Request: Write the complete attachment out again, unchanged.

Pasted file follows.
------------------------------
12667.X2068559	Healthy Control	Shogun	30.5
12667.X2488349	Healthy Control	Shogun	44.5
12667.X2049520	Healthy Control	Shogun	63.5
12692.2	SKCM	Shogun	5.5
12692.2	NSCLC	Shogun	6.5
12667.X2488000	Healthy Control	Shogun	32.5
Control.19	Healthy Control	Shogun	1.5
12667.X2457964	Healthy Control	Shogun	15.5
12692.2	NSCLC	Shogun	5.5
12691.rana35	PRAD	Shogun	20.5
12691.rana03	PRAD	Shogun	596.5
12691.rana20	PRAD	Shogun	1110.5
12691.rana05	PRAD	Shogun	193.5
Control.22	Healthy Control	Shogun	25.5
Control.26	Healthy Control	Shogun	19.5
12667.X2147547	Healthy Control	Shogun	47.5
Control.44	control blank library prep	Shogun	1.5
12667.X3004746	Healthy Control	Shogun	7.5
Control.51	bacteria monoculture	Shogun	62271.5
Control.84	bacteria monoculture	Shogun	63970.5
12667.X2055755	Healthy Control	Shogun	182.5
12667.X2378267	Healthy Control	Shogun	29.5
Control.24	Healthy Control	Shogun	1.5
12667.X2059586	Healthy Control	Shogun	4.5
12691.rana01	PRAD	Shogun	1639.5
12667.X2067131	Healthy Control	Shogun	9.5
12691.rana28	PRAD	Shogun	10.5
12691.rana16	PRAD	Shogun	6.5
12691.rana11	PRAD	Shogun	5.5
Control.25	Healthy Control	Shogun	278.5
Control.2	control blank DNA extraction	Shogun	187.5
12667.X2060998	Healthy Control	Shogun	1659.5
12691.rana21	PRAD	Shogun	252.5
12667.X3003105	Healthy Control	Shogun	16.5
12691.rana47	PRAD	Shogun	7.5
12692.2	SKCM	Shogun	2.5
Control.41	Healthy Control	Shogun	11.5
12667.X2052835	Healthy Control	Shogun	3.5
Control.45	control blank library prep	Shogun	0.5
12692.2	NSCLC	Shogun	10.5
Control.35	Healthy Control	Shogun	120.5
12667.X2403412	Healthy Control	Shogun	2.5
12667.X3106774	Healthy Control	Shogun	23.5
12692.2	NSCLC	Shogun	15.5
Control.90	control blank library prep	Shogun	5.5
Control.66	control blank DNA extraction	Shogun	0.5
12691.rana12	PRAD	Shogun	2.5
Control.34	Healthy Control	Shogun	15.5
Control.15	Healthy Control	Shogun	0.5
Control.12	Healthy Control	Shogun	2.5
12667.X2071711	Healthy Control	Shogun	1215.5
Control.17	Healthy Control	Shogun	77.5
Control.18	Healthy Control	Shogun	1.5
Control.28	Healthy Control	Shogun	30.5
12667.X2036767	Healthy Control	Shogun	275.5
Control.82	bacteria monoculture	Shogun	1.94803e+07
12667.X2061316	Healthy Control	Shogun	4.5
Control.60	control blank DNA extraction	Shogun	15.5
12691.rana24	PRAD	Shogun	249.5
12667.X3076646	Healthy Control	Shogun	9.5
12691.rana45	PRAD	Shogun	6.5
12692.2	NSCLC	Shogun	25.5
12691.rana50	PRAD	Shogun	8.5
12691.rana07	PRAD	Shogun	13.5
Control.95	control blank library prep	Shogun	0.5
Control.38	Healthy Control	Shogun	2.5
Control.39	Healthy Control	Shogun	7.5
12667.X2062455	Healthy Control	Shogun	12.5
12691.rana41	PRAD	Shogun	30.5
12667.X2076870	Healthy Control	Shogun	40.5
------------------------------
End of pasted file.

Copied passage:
12667.X2068559	Healthy Control	Shogun	30.5
12667.X2488349	Healthy Control	Shogun	44.5
12667.X2049520	Healthy Control	Shogun	63.5
12692.2	SKCM	Shogun	5.5
12692.2	NSCLC	Shogun	6.5
12667.X2488000	Healthy Control	Shogun	32.5
Control.19	Healthy Control	Shogun	1.5
12667.X2457964	Healthy Control	Shogun	15.5
12692.2	NSCLC	Shogun	5.5
12691.rana35	PRAD	Shogun	20.5
12691.rana03	PRAD	Shogun	596.5
12691.rana20	PRAD	Shogun	1110.5
12691.rana05	PRAD	Shogun	193.5
Control.22	Healthy Control	Shogun	25.5
Control.26	Healthy Control	Shogun	19.5
12667.X2147547	Healthy Control	Shogun	47.5
Control.44	control blank library prep	Shogun	1.5
12667.X3004746	Healthy Control	Shogun	7.5
Control.51	bacteria monoculture	Shogun	62271.5
Control.84	bacteria monoculture	Shogun	63970.5
12667.X2055755	Healthy Control	Shogun	182.5
12667.X2378267	Healthy Control	Shogun	29.5
Control.24	Healthy Control	Shogun	1.5
12667.X2059586	Healthy Control	Shogun	4.5
12691.rana01	PRAD	Shogun	1639.5
12667.X2067131	Healthy Control	Shogun	9.5
12691.rana28	PRAD	Shogun	10.5
12691.rana16	PRAD	Shogun	6.5
12691.rana11	PRAD	Shogun	5.5
Control.25	Healthy Control	Shogun	278.5
Control.2	control blank DNA extraction	Shogun	187.5
12667.X2060998	Healthy Control	Shogun	1659.5
12691.rana21	PRAD	Shogun	252.5
12667.X3003105	Healthy Control	Shogun	16.5
12691.rana47	PRAD	Shogun	7.5
12692.2	SKCM	Shogun	2.5
Control.41	Healthy Control	Shogun	11.5
12667.X2052835	Healthy Control	Shogun	3.5
Control.45	control blank library prep	Shogun	0.5
12692.2	NSCLC	Shogun	10.5
Control.35	Healthy Control	Shogun	120.5
12667.X2403412	Healthy Control	Shogun	2.5
12667.X3106774	Healthy Control	Shogun	23.5
12692.2	NSCLC	Shogun	15.5
Control.90	control blank library prep	Shogun	5.5
Control.66	control blank DNA extraction	Shogun	0.5
12691.rana12	PRAD	Shogun	2.5
Control.34	Healthy Control	Shogun	15.5
Control.15	Healthy Control	Shogun	0.5
Control.12	Healthy Control	Shogun	2.5
12667.X2071711	Healthy Control	Shogun	1215.5
Control.17	Healthy Control	Shogun	77.5
Control.18	Healthy Control	Shogun	1.5
Control.28	Healthy Control	Shogun	30.5
12667.X2036767	Healthy Control	Shogun	275.5
Control.82	bacteria monoculture	Shogun	1.94803e+07
12667.X2061316	Healthy Control	Shogun	4.5
Control.60	control blank DNA extraction	Shogun	15.5
12691.rana24	PRAD	Shogun	249.5
12667.X3076646	Healthy Control	Shogun	9.5
12691.rana45	PRAD	Shogun	6.5
12692.2	NSCLC	Shogun	25.5
12691.rana50	PRAD	Shogun	8.5
12691.rana07	PRAD	Shogun	13.5
Control.95	control blank library prep	Shogun	0.5
Control.38	Healthy Control	Shogun	2.5
Control.39	Healthy Control	Shogun	7.5
12667.X2062455	Healthy Control	Shogun	12.5
12691.rana41	PRAD	Shogun	30.5
12667.X2076870	Healthy Control	Shogun	40.5